Park And Pipe
You’ll find Stevens Pass, not surprisingly, on the top of Stevens Pass- two hours east of Seattle (about 78 miles) on U.S. Highway 2. Like most Northwest resorts, its more of a daytrip area. Get an early start; grab some yellow goggle lenses, a latte, and some friends. With over 450 inches of annual resort snowfall, if its raining in Seattle, its probably snowing at Stevens.—Annie Fast
You’re looking at probably the best park in Washington. Teamriders Marni Yamada and Elan Bushell jib their sticks through this park daily. The Brooks lift runs the length of the 25 acres of tabletops and rails, which leads into the only Superpipe in Washington State. The pipe is located on the lower half of Waterfall. Marni Yamada says, “It’s definitely fun enough to lap through all winter long, and the jumps really progress through the winter.” There’re also minirails and a minipipe by the Daisy lift.
Stevens is basically two mountains encompassing five different areas, including the lower frontside, Big Chief Mountain, Tye Bowl, 7th Heaven, and Mill Valley on the backside. Locals don’t know the names of the runs any better than you, so just choose the frontside or backside, depending on the wind. The terrain is classic Northwest: steeps, chutes, rollers, and snow-ghosted fir trees—it’s all here.
Try taking Big Chief to the Double-Diamond triple and dropping into Big Chief Bowl, or off the backside to Mill Valley. The backside has wide-open meadows, gulches, and steep glades (Corona Glades). Local rider Joey McGuire says, “The park at Stevens is fun, but the terrain getting to the park is even more fun.” He’s talking about the super steep Bobby and Nancy Chutes off the three-minute 7th Heaven chair. Ah, Northwest riding. Now, squeegee those goggle lenses, shake out that Gore, and do it all again.
Take a time out at dusk in the Soft Landing Bar for fresh local drafts, live music, and cute bartenders, then head back out for a night session. You can also hit the Whistling Port down in Skykomish.
Stevens Pass isn’t messin’ around when it comes to the Snowskate Park. The 4,000-square-foot park comes complete with rails, boxes, tables, and a quarterpipe. Five bucks will get you in.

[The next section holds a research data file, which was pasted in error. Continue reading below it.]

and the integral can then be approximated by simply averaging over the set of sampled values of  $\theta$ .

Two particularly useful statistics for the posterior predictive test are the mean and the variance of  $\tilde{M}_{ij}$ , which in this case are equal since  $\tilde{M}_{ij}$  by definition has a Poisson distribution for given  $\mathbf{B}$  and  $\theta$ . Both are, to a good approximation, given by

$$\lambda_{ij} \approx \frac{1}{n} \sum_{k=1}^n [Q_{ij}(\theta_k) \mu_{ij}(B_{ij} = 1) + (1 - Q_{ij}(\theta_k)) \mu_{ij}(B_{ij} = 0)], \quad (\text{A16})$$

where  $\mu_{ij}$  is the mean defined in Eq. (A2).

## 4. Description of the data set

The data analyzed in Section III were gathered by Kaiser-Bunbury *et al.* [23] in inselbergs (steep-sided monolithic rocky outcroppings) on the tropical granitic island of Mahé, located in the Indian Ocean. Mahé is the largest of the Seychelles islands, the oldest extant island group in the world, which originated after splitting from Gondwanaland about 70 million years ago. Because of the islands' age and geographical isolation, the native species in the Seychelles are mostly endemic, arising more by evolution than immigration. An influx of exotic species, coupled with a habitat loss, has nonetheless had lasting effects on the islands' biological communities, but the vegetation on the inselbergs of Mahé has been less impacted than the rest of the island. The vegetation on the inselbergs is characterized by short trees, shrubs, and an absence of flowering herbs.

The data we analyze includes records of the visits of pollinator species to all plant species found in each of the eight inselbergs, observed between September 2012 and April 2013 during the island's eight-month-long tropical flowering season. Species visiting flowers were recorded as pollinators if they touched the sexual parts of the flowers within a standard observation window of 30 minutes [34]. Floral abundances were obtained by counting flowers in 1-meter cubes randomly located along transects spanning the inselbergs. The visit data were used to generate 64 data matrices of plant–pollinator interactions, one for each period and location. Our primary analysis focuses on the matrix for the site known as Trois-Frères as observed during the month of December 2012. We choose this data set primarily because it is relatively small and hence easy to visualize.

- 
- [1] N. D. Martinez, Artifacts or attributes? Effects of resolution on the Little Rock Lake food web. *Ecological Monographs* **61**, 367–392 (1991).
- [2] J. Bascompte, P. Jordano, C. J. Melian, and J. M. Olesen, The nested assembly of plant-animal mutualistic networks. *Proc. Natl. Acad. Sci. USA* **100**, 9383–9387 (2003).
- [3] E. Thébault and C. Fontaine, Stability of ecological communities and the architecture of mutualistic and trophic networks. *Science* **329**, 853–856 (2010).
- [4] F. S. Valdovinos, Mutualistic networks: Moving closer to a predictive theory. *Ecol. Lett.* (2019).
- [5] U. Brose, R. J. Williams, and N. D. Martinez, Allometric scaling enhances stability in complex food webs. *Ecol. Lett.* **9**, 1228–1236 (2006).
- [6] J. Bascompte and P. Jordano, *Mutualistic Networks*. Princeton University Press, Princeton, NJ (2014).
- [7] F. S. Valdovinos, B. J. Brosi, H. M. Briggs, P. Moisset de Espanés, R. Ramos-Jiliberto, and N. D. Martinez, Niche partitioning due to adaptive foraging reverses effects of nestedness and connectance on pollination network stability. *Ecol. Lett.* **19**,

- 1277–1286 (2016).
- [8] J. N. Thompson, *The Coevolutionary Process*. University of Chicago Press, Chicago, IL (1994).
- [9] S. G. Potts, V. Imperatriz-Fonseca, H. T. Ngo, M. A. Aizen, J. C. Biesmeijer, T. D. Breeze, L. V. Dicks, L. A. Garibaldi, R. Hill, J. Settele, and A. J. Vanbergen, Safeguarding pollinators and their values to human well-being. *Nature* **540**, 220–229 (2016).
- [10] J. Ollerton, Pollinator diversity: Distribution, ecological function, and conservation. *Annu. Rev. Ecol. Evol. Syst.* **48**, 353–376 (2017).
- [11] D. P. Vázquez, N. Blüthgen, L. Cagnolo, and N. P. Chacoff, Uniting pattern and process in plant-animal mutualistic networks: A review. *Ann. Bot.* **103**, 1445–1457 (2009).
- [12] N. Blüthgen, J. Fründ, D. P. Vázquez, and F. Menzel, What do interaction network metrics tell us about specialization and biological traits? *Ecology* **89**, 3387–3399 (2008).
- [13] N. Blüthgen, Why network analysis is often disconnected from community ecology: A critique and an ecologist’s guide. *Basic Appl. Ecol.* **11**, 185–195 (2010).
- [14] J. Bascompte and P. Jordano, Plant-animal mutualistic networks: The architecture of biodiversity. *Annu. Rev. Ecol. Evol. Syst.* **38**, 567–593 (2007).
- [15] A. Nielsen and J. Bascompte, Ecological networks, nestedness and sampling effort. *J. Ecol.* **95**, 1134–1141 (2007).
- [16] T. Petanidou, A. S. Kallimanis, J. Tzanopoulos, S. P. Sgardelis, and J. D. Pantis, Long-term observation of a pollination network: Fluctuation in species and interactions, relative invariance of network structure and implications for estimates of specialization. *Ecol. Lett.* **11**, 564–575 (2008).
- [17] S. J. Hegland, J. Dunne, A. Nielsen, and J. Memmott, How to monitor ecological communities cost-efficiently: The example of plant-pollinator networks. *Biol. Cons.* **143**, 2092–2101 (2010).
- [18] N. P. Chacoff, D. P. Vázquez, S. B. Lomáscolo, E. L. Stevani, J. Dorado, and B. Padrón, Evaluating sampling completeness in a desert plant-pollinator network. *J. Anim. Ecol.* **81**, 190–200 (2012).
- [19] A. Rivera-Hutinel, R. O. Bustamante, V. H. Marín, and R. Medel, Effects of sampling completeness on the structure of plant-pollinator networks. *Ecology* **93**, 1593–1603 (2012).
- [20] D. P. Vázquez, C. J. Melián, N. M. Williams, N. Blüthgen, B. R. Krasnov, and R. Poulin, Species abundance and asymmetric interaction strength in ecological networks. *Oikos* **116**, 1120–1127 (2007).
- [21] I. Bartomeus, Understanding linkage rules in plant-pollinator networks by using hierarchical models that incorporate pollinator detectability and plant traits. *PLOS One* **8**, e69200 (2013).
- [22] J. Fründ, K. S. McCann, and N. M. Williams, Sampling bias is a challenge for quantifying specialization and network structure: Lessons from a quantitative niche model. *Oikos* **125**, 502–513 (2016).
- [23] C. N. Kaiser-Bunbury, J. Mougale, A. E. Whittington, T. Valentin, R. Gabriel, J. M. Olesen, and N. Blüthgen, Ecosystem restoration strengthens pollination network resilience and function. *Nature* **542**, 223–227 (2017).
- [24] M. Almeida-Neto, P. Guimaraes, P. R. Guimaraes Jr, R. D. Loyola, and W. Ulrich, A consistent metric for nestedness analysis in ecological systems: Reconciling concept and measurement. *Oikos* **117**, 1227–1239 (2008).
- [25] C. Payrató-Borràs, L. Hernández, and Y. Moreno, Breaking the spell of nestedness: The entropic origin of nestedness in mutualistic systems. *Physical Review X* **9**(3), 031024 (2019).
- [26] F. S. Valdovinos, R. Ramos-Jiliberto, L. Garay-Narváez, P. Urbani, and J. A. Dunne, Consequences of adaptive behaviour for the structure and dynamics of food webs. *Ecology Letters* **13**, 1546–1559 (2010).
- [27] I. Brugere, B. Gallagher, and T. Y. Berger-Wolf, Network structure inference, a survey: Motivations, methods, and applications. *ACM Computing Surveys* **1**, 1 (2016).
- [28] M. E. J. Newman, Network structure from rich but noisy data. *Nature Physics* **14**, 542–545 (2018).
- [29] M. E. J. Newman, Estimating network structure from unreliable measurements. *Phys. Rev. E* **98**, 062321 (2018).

Also, be on the lookout for the Sound Strait Productions crew filming their follow-up to this year’s local hit Couching Tiger.
You’ve only got a few options. The Tye Creek Deli has sandwiches, soups, nachos and baked potatoes. The Iron Goat Pizza Station has pizza. If you’re in a hurry, grab a burger from the Outer Limits Grill on the west end of the Pacific Crest Lodge. Chill out in the Bull’s Tooth with adult beverages and pub food.
The closest lodging option (besides snuggled up with your malamute in the bed of your truck in the parking lot) is sixteen miles west down the road in Skykomish or about an hour east in Leavenworth. Otherwise, Stevens has an RV overnight parking area above Lot A with electrical hook-ups for 30 dollars a night on weekends and holidays and ten dollars a night the rest of the time—they’re available on a first-come, first-served basis (unless you have an RV season pass).
Nightime Quarterpipe Jam, Friday Night Jam Series, Stomp Games, and the Mama Fest.
Average annual snowfall: 450 inches
Summit elevation: 5,853 feet
Vertical drop: 1,800 feet
Number of lifts: 12 (Two high-speed quads, one quad, four triple chairs, three double chairs, two rope tows.)
Shreddable acres: 1,125
Snowskate park: Yes
Lights: 4:00 p.m. to 10:00 p.m.—weather permitting
Local shops: Revolution (Wenatchee) (509) 665-6662; Hillbillies (Gold Bar) (360) 793-0221
Adult ticket price: $45 (9:00 a.m. to 10:00 p.m.), $36 (12:00 p.m. to 10:00 p.m.), and $28 (4:00 p.m. to 10:00 p.m.).
Info: (206) 812-4510, stevenspass.com
Best day ever at Stevens, or just another day? Go find out. Joey McGuire will probably be there busting smooth Indys just like this. Photo: Chris Owen
Oh hell yeah! Barrett CChristy boosts a clean one. Who needs a park when the freeriding is this good? Photo: Chris Owen